Edited by ben2world on 08/17/2007 10:46:12 MDT.

Ben 2 World
(ben2world) - MLife

Locale: So Cal
Re: Platypus Hoser on 08/17/2007 10:49:03 MDT Print View

Ryan:

Try this. Make a screw-on bottle cap filter for your Platy Hoser as shown in photo above. Next, sacrifice an old 1L platy by cutting the top off -- at a slant. Voila -- you've just made yourself an ultra light and compact water scoop! When you encounter shallow streams, just scoop with the cut off Platy, and pour water through the bottle cap filter into your Hoser.

todd harper
(funnymoney) - MLife

Locale: Sunshine State
Re: Re: Platypus Hoser on 08/17/2007 13:47:16 MDT Print View

Ben,

Ya know I've seen your idea on Jason's site before and for some dumb reason just never put it all together in my mind. Very creative!

Ryan, I too use a cutoff Platypus to scoop - it's the best thing I've found, especially for shallow sources.

I got sick once from water, so I now zap w/a Steripen Adventurer after "filtering". Even w/the Adventurer my treatment setup weighs less than any pump filter I ever owned.

Edited by funnymoney on 08/17/2007 13:48:55 MDT.

Ryan Gardner
(splproductions) - F - M

Locale: Salt Lake City, UT
Platypus pre-filter on 08/17/2007 13:52:28 MDT Print View

Benjamin:

I just read your instructions on the Jason Klass site. A couple questions:

1) When you unscrew the filter cap, how does the mesh stay in there? Won't it fall out?

2) I'm not a coffe drinker - so I don't know - but I would assume you can buy just the wire coffe filter by itself? Is that cheap?

Ben 2 World
(ben2world) - MLife

Locale: So Cal
Re: Platypus pre-filter on 08/17/2007 15:55:29 MDT Print View

Ryan:

You can buy the coffee filter by itself -- and pretty cheaply at Wall-Mart, etc. Todd's fuel filter is even cheaper if all you need is one bottle cap filter. I cut a round piece off the filter in a size just larger than the cap itself -- and jam the filter in. It won't fall out by itself.


Todd:

Glad it works out for you! Yeah, the thing is good only for filtering sediments -- definitely won't do a thing against bacteria. Curious, assuming that you also use narrow-mouth platys -- my understanding is that the UV tube isn't really long enough to be effective. I recall (somewhere) that the UV is better suited for wide-mouthed containers where it can reach in and be stirred all around???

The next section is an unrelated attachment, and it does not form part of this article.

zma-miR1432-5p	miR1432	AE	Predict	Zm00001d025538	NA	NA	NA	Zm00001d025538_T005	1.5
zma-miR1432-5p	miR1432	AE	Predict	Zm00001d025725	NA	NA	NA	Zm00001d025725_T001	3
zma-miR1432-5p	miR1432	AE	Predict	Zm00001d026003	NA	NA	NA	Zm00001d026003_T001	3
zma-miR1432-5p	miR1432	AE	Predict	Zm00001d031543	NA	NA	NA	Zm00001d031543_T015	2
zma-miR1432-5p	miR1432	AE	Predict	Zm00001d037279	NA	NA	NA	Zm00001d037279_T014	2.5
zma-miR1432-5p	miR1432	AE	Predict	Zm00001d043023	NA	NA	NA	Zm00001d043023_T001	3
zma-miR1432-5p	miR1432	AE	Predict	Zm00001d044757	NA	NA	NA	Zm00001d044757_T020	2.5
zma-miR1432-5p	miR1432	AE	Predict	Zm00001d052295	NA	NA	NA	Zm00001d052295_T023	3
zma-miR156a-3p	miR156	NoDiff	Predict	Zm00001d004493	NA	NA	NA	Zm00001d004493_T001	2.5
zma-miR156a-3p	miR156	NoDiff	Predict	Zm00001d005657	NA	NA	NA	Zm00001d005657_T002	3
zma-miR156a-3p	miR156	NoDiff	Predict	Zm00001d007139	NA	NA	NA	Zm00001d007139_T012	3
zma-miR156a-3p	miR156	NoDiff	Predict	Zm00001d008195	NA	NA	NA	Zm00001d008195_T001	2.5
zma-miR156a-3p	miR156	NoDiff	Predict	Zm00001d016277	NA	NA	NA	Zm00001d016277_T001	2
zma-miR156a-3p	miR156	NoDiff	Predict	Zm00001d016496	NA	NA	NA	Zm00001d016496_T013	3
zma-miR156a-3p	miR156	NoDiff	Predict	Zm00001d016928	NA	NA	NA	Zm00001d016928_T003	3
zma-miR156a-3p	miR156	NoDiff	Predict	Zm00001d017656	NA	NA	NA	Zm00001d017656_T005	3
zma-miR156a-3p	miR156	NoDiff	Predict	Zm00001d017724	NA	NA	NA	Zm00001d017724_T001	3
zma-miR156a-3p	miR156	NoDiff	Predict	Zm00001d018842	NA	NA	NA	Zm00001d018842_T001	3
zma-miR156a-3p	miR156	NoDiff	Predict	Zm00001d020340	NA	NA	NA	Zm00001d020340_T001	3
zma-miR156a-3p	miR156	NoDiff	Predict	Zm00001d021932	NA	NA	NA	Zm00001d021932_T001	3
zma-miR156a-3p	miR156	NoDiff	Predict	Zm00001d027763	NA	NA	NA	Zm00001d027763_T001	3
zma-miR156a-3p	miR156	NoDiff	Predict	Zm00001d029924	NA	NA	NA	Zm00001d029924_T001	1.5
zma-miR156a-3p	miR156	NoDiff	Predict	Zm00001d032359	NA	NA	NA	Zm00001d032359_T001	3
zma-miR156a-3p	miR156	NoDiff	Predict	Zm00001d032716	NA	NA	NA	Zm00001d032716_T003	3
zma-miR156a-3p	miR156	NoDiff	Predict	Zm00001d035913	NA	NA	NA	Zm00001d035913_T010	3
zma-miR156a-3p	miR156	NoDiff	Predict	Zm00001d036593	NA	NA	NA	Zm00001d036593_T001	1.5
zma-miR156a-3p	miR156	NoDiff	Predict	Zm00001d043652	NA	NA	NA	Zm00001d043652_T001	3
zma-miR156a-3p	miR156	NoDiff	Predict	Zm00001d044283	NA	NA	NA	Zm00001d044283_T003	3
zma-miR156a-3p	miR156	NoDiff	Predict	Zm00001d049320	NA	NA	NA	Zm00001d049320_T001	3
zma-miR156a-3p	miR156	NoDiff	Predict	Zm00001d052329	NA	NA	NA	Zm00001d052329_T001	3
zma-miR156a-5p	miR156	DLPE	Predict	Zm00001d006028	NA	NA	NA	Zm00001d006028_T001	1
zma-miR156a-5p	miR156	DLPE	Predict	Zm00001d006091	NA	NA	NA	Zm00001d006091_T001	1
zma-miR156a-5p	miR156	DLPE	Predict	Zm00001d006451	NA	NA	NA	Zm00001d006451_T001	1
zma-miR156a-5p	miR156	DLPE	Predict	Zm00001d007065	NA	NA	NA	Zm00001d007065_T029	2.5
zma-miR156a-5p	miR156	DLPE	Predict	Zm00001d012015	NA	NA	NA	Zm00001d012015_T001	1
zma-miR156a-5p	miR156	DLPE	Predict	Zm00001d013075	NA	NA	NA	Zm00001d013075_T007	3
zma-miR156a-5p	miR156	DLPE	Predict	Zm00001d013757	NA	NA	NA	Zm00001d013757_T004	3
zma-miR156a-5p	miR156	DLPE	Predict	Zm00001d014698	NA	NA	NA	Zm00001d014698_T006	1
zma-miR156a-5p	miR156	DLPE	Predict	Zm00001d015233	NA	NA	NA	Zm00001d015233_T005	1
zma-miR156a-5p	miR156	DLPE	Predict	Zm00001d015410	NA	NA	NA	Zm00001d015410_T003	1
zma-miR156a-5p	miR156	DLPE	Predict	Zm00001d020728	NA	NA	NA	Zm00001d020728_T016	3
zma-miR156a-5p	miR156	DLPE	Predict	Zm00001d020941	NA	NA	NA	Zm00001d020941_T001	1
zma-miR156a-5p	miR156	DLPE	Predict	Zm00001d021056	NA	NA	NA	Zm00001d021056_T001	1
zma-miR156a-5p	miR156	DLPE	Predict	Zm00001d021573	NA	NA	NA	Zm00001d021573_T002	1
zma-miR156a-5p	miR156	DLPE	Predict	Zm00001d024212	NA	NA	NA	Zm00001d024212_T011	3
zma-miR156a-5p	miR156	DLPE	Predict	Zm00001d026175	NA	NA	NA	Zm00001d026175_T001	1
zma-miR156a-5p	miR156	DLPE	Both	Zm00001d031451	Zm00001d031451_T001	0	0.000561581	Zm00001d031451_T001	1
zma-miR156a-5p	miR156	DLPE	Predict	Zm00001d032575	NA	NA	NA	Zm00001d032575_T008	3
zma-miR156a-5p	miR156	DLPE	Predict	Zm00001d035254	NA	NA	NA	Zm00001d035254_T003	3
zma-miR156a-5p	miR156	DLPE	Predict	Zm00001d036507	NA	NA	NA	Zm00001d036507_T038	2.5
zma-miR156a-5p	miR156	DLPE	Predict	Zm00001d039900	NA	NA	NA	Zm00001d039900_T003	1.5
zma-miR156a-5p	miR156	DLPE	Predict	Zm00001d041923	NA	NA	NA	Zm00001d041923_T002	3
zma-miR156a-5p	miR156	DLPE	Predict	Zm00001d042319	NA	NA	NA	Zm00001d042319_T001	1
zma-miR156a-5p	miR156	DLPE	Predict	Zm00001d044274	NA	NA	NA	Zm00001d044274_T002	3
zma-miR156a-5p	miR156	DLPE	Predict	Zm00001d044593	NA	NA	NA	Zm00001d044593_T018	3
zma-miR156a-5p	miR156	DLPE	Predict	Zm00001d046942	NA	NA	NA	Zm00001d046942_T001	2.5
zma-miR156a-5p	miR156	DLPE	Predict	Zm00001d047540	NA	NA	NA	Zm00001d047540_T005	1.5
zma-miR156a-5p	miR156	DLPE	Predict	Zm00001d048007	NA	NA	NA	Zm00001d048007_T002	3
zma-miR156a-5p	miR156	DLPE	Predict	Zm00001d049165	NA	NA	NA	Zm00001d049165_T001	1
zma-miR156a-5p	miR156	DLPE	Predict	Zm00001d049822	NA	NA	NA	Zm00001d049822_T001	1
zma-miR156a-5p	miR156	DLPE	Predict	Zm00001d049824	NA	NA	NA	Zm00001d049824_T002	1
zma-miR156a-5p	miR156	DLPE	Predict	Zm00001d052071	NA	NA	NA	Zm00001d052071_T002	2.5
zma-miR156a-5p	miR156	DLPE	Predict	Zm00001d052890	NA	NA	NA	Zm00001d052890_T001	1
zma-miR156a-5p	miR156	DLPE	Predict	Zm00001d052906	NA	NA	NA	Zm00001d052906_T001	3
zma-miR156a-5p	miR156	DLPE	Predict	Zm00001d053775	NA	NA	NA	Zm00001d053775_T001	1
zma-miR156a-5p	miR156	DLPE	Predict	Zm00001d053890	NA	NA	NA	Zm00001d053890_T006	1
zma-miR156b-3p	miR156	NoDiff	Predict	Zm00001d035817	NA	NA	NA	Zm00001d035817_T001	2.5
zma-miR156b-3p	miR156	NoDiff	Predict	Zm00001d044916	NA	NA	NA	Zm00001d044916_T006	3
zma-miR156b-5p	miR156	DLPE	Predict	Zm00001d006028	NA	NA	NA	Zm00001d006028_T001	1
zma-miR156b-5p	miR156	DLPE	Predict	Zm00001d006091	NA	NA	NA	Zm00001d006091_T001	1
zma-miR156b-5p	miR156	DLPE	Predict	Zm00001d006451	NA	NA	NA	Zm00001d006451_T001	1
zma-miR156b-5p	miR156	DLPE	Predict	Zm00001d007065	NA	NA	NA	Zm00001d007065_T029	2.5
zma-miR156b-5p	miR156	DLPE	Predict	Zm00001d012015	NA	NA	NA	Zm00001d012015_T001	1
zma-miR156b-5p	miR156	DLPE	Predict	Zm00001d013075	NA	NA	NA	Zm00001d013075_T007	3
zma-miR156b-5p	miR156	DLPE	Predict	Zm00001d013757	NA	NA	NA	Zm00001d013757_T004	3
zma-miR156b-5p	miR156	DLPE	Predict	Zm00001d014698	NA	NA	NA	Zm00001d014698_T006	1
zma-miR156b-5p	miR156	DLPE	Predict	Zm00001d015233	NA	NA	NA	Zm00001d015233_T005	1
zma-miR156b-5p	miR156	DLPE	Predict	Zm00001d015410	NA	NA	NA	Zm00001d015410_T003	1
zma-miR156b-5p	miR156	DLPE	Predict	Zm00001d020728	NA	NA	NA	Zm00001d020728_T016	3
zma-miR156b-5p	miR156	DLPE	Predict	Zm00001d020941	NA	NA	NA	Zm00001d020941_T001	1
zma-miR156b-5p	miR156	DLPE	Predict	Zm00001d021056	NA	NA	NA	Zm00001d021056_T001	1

Edited by ben2world on 08/17/2007 16:12:47 MDT.

todd harper
(funnymoney) - MLife

Locale: Sunshine State
Re: Re: Platypus pre-filter on 08/19/2007 18:05:45 MDT Print View

Ben,

You are correct on the way to use UV. My method for using the Steripen Adventurer is:

1- Scoop w/a cutoff Platy
2- Pour thru a paper/screen filter
3- Step 2 pours into a Big Zip platy w/cap
4- UV-treat thru the zip opening
5- pour (via spout)into gatorade bottle, Platy, Nalgene cantene, whatever

Using the Big Zip (2L?) size lets me collect all the water I need. It also lets me avoid carrying a hose attachment, etc down to the water source (like you mentioned in another thread). I also like the handles for carrying / hanging.

Ben 2 World
(ben2world) - MLife

Locale: So Cal
Big Zip With Bottle Cap Opening? on 08/19/2007 20:38:32 MDT Print View

Todd:

Thanks for the quick feedback. I didn't know Platy has a Big Zip model with a bottle cap opening? I thought it's a big zip on one end, and just a little "nipple outlet" to connect with a hydration tube at the other end?

No experience with the Big Zip, but I dislike the idea of having to drag the hydration tube down to the river bank every time I need to refill. I just know that I'll get dirt and stuff all over the tube and bite valve...

But if it's a Big Zip with a bottle cap opening, then I will definitely look into it more.

Edited by ben2world on 08/19/2007 20:39:35 MDT.

Sean Perry
(shaleh) - F

Locale: SF Bay Area
steripen + platypus works for me on 08/22/2007 12:40:24 MDT Print View

I use 1L standard platypus with a Steripen (the white one). What I do is turn it on, jam the business end into the platypus opening, invert the platypus and hold/swirl for the time it takes. Never had a problem. I usually have a wool cap or bandana with me which I cover the platypus with. Makes it so I can't see the light which should be more UV in the water and less in my eyes (-:

Ben 2 World
(ben2world) - MLife

Locale: So Cal
Steri-Pen and Platy 1L on 08/22/2007 12:46:07 MDT Print View

Does water leak out when you invert and swirl your Platy?

Donna C
(leadfoot) - M

Locale: Middle Virginia
platy cut up on 08/23/2007 08:20:55 MDT Print View

Like Ben said. : )

I used a big ziplock bag to collect shallow water and poured it into a Nalgene and then used the Adventurer. I like this entire idea better with using with cut up Platy for scooping or carrying water.

I wonder if the Adventurer is slimmer and not jam as well into the spout.